A second impression emerges from local testimonies: Iraq is waiting for Europe. Seen from Baghdad, only Europeans can counterbalance Iran's omnipresent influence, and the fluctuating presence of the United States, whose aspired role is unclear, and can play a role in the region in the medium term. Russian influence in Baghdad is neither perceived as stabilizing: Moscow's interests in Iraq, according to Russian experts' own admission, are limited to the fight against terrorism and energy (exploitation and transport of oil that is abundant in the subsoil of southern Iraqi territory).
Where the Saudi-Iranian balance of power takes the form of a zero-sum game, European influence, perceived as politically neutral from Baghdad, is therefore welcomed, in line with cooperation already underway in the fields of water, energy, infrastructure, education, governance and reconciliation dialogue. Europeans are also distinguished from other external powers - including China, which is obviously omnipresent in the economy - by its commitment to the rule of law and democracy, and its interest in civil society. A fact that is rare enough to be highlighted in the Middle East, Member States are not divided by divergent interests. They could exert more pressure for a greater involvement of the European institutions (neither Mrs Mogherini nor any Commissioner visited Baghdad after the Kuwait conference in February, which mobilized international contributions for post-Islamic state reconstruction).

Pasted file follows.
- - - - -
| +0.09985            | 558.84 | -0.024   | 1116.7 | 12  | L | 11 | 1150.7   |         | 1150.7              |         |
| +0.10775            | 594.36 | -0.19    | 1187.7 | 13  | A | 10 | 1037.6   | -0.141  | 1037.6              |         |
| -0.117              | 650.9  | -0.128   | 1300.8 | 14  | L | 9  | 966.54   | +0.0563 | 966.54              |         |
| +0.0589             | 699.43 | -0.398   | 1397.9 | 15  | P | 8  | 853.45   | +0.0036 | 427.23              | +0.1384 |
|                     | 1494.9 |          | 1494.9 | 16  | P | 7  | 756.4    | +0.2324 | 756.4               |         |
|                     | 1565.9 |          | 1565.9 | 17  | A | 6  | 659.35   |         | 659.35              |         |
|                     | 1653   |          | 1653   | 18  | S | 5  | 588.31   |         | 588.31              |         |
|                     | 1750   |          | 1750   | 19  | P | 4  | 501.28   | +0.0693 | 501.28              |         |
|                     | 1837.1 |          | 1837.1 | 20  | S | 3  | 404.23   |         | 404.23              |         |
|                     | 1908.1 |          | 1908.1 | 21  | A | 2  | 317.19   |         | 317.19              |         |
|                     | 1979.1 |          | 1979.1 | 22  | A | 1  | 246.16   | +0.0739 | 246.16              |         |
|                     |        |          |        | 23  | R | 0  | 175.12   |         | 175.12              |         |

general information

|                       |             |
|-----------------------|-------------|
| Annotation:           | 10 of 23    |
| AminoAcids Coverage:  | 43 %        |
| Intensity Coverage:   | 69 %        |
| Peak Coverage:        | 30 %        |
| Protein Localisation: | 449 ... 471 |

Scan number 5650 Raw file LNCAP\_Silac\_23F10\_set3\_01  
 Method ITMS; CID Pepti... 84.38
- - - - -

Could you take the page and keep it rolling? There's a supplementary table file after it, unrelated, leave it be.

If they agree to invest resources in Iraq, Europeans have now a window of opportunity in that country to develop a coherent plan, where the United States and Russia, despite their resources, may lack a long-term vision. One could even imagine that their role in defending the nuclear agreement with Iran is worth enough credit to Tehran to encourage Iran not to overplay its role in Iraq.